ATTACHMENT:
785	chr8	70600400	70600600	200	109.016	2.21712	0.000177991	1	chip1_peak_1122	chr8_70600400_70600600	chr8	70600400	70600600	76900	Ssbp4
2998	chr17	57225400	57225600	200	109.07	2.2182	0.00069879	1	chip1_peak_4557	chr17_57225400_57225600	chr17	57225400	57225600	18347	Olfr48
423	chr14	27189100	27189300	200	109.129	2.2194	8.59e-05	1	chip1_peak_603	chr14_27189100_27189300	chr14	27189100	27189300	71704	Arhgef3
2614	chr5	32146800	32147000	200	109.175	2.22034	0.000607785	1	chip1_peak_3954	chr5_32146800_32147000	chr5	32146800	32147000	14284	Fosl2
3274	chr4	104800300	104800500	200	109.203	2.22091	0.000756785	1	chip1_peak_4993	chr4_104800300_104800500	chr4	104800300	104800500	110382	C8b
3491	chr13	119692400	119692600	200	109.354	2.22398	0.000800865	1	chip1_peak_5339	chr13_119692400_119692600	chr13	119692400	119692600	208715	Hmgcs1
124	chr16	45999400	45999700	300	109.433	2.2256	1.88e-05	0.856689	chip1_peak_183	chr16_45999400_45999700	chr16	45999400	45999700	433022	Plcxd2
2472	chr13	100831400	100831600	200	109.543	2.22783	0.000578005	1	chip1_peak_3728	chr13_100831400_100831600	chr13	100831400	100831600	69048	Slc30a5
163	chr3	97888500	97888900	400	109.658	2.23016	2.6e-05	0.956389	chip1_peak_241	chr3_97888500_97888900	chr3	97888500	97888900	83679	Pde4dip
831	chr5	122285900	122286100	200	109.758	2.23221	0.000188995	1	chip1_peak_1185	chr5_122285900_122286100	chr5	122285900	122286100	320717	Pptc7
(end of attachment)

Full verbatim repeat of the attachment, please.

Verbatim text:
785	chr8	70600400	70600600	200	109.016	2.21712	0.000177991	1	chip1_peak_1122	chr8_70600400_70600600	chr8	70600400	70600600	76900	Ssbp4
2998	chr17	57225400	57225600	200	109.07	2.2182	0.00069879	1	chip1_peak_4557	chr17_57225400_57225600	chr17	57225400	57225600	18347	Olfr48
423	chr14	27189100	27189300	200	109.129	2.2194	8.59e-05	1	chip1_peak_603	chr14_27189100_27189300	chr14	27189100	27189300	71704	Arhgef3
2614	chr5	32146800	32147000	200	109.175	2.22034	0.000607785	1	chip1_peak_3954	chr5_32146800_32147000	chr5	32146800	32147000	14284	Fosl2
3274	chr4	104800300	104800500	200	109.203	2.22091	0.000756785	1	chip1_peak_4993	chr4_104800300_104800500	chr4	104800300	104800500	110382	C8b
3491	chr13	119692400	119692600	200	109.354	2.22398	0.000800865	1	chip1_peak_5339	chr13_119692400_119692600	chr13	119692400	119692600	208715	Hmgcs1
124	chr16	45999400	45999700	300	109.433	2.2256	1.88e-05	0.856689	chip1_peak_183	chr16_45999400_45999700	chr16	45999400	45999700	433022	Plcxd2
2472	chr13	100831400	100831600	200	109.543	2.22783	0.000578005	1	chip1_peak_3728	chr13_100831400_100831600	chr13	100831400	100831600	69048	Slc30a5
163	chr3	97888500	97888900	400	109.658	2.23016	2.6e-05	0.956389	chip1_peak_241	chr3_97888500_97888900	chr3	97888500	97888900	83679	Pde4dip
831	chr5	122285900	122286100	200	109.758	2.23221	0.000188995	1	chip1_peak_1185	chr5_122285900_122286100	chr5	122285900	122286100	320717	Pptc7